Potomac, Maryland Real Estate Report/Housing Market
At A Glance: March 2020
Latest news on the Potomac real estate market and what it means for you...
Potomac, Maryland real estate report/snapshot for March 2020.
The Potomac housing market remained a seller's market in March 2020 with 2.4 months of inventory, down from the five year average of 3.7 months. Housing inventory was down to 132 active listings as compared with 134 in February 2020 and 187 listings in March 2019. New listings ( 89 in March) increased 12.7% from February 2020 but decreased 22.6% year-over-year.
Pending sales (59 sales) increased 11.3 % in Potomac in March 2020 compared with February 2020 and decrecased 6.9% year over year.. Potomac's closed sales increased 8..9% year-over-year and 14% from February 2020. Forty nine homes closed in March 2020.
On average, homes sold in 55 days, up from 45 days compared with the same month one year ago and down from 57 days for the month of February 2020. Median days on market were 21, down 12.5% year-over-year and down 44.7% month-over-month.
Average price of sold homes decreased 6.4% year over year to $947,525 and 15.2% from the previous mont, while the median sale price decreased 7.5% year over year and decreased 5.9% from the previous month to $850,000. Price per square foot was $274, up 5% from the previous month but down 1.1% year-over-year.
Sellers received 97.1% of listing price in final sale price (up from the 5 year average of 96.1%), showing minimal opportunity for buyers to negotiate.
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POTOMAC HOUSING MARKET HIGHLIGHTS:
MARCH 2020 VERSUS THE 5 YEAR AVERAGE
The most expensive home in Potomac in the spring of 2020 is a beautiful home at the intersection of River Road and Belle Terre. Listed for $9.9M, this home is sure to capture your heart!
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WHY LIVE IN POTOMAC MARYLAND?
Potomac in Montgomery County, Maryland, was named after the nearby Potomac River. In 2013, CNNMoney listed Potomac as the most affluent town with more than 25,000 residents in the United States, based on median household income. Potomac is also the seventh-most top-educated American small town according to Forbes. Bloomberg Businessweek labeled Potomac as the twenty-ninth-richest zip code in the United States in 2011, stating that it had the largest population of any U.S. town with a median income of more than $240,000. In 2012, The Higley Elite 100 published a list of highest-income neighborhoods by mean household income, which included four neighborhoods in Potomac; one of these neighborhoods, "Carderock-The Palisades" was ranked the highest-income neighborhood in the United States, followed by "Beverly Hills-North of Sunset" in Beverly Hills, California and "Swinks Mill-Dominion Reserve" of McLean, Virginia. More recently, two Potomac neighborhoods were ranked among the ten wealthiest neighborhoods in the country by CNBC in 2014. In 2018, data from the American Community Survey revealed that Potomac was the sixth-wealthiest city in the United States.Many Potomac residents choose to live here because of its pastoral beauty and great schools like Churchill High School and Wootton High School, plus its proximity to work in nearby Washington, D.C. and the bio tech corridor along I-270.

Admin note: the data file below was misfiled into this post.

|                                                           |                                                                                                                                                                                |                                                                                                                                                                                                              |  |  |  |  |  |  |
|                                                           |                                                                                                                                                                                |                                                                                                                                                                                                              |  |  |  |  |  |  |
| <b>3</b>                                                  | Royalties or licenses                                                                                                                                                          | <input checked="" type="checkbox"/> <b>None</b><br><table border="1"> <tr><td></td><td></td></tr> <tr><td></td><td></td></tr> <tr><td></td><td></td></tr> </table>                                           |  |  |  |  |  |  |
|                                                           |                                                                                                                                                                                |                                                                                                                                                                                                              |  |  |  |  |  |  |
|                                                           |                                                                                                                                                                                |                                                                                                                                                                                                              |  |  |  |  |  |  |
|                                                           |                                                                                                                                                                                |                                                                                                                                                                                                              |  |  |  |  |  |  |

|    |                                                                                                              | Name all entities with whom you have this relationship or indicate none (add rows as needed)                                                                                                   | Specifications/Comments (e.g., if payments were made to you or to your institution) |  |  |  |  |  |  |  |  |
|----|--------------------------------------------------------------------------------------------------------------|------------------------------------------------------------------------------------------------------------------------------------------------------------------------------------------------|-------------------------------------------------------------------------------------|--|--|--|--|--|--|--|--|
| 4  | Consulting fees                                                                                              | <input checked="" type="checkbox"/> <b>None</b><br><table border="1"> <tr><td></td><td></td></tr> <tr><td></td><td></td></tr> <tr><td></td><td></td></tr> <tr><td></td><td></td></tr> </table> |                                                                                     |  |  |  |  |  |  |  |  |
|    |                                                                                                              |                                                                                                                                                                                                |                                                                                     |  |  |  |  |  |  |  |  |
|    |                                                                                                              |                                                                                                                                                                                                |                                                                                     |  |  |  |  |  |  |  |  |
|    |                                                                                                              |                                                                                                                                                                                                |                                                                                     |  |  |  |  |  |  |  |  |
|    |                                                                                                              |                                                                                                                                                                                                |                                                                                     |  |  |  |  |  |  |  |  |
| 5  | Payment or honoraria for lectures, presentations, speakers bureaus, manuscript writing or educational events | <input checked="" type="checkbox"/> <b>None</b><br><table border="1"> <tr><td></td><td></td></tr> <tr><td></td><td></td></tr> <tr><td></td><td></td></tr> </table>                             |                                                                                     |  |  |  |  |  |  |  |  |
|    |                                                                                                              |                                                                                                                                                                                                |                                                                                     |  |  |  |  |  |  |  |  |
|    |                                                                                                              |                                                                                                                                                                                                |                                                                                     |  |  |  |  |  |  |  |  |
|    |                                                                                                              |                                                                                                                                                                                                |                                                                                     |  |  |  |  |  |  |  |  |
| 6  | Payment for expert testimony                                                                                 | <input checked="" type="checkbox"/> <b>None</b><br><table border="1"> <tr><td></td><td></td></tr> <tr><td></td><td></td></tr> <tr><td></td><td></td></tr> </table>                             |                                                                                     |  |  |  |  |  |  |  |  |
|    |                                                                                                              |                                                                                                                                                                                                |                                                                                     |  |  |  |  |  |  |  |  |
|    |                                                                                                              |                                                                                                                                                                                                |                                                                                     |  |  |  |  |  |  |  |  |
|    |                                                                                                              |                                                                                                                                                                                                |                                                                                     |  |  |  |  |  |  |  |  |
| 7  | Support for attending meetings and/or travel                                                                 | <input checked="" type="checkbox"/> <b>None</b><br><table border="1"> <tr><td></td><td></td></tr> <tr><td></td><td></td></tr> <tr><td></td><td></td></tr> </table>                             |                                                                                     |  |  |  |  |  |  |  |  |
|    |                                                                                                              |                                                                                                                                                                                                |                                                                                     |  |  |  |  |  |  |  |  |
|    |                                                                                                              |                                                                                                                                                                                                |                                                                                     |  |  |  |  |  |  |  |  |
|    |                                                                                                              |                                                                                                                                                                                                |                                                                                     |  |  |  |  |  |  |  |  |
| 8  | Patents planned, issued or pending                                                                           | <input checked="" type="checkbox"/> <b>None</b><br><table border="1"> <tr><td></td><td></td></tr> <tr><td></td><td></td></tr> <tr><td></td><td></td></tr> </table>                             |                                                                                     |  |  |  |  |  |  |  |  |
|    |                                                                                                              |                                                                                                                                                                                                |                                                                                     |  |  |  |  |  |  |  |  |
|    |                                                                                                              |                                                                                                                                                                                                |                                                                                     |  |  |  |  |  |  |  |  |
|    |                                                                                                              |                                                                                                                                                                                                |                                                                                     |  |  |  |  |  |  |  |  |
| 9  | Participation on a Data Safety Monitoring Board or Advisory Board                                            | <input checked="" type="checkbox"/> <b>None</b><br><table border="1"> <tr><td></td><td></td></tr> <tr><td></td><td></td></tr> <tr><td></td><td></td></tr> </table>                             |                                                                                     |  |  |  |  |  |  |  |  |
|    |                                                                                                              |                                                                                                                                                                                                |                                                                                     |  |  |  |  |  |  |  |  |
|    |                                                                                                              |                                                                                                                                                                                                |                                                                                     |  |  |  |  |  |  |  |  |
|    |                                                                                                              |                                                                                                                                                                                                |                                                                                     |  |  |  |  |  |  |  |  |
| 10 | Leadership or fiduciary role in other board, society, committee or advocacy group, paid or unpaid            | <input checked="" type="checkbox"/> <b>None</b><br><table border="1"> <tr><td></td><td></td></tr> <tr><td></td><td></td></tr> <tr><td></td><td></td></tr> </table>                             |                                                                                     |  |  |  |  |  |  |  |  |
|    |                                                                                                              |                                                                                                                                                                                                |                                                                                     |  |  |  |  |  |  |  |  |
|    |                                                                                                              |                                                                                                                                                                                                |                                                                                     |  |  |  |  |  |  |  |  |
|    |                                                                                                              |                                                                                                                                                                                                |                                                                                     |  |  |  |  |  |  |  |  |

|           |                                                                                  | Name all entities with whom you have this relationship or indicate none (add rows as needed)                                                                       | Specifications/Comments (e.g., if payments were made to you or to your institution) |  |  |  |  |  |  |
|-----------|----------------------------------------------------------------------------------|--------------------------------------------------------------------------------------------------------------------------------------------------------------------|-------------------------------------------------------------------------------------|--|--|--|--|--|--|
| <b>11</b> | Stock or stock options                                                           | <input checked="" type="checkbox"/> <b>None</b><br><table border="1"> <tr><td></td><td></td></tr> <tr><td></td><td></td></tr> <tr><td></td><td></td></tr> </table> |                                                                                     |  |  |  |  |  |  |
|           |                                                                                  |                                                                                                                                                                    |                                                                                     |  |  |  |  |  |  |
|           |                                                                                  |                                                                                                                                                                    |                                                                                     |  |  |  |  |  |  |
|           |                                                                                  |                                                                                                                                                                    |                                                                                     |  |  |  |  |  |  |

A LITTLE HISTORY OF POTOMAC MD
The land that is now Potomac Village was first settled by Edward Offutt in 1714 after he was granted a 600-acre (2.4 km2) land grant "Clewerwell" by Lord Baltimore. His grant of land was by the Tehogee Indian Trail, an Indian trade route built by the Canaze Indian nation in 1716. Throughout the 18th century, what became known as Offutts Crossroads was a small, rural community which served planters and travelers. In the 19th century, a few small dwellings had been built along with a tavern established in 1820. By the time of the Civil War, the community contained two general stores, a blacksmith shop, and a post office which served a community of 100.
Offutts Crossroads was renamed Potomac in 1881 by John McDonald. An Irishman and veteran of the Civil War, McDonald settled in Potomac around that time. He petitioned for the name change since postal officials were asking for brief names and there were already several other communities in the area with the name "crossroads".
By the turn of the 20th century, Potomac experienced a period of growth. Thomas Perry, an operator of a nearby general store, built a house on the corner of Falls and River Roads in 1902. More residential structures were built on the northern section of Falls Road throughout the 1920s and 1930s. During the 1950s, Potomac was one of many communities in Montgomery County to experience suburbanization. Potomac quickly transformed from a rural farming community to a suburban community from the mid- to late 20th century.
Numerous original buildings within Potomac Village have been demolished for the construction of strip malls and modern office buildings. However, in the surrounding area, many of the old farmhouses remain, though some are confined within suburban developments. The Perry Store has been restored and still stands as part of the Capitol One bank, although the building was moved 21 feet in 1986 to allow for a project to widen the intersection of Falls and River Roads.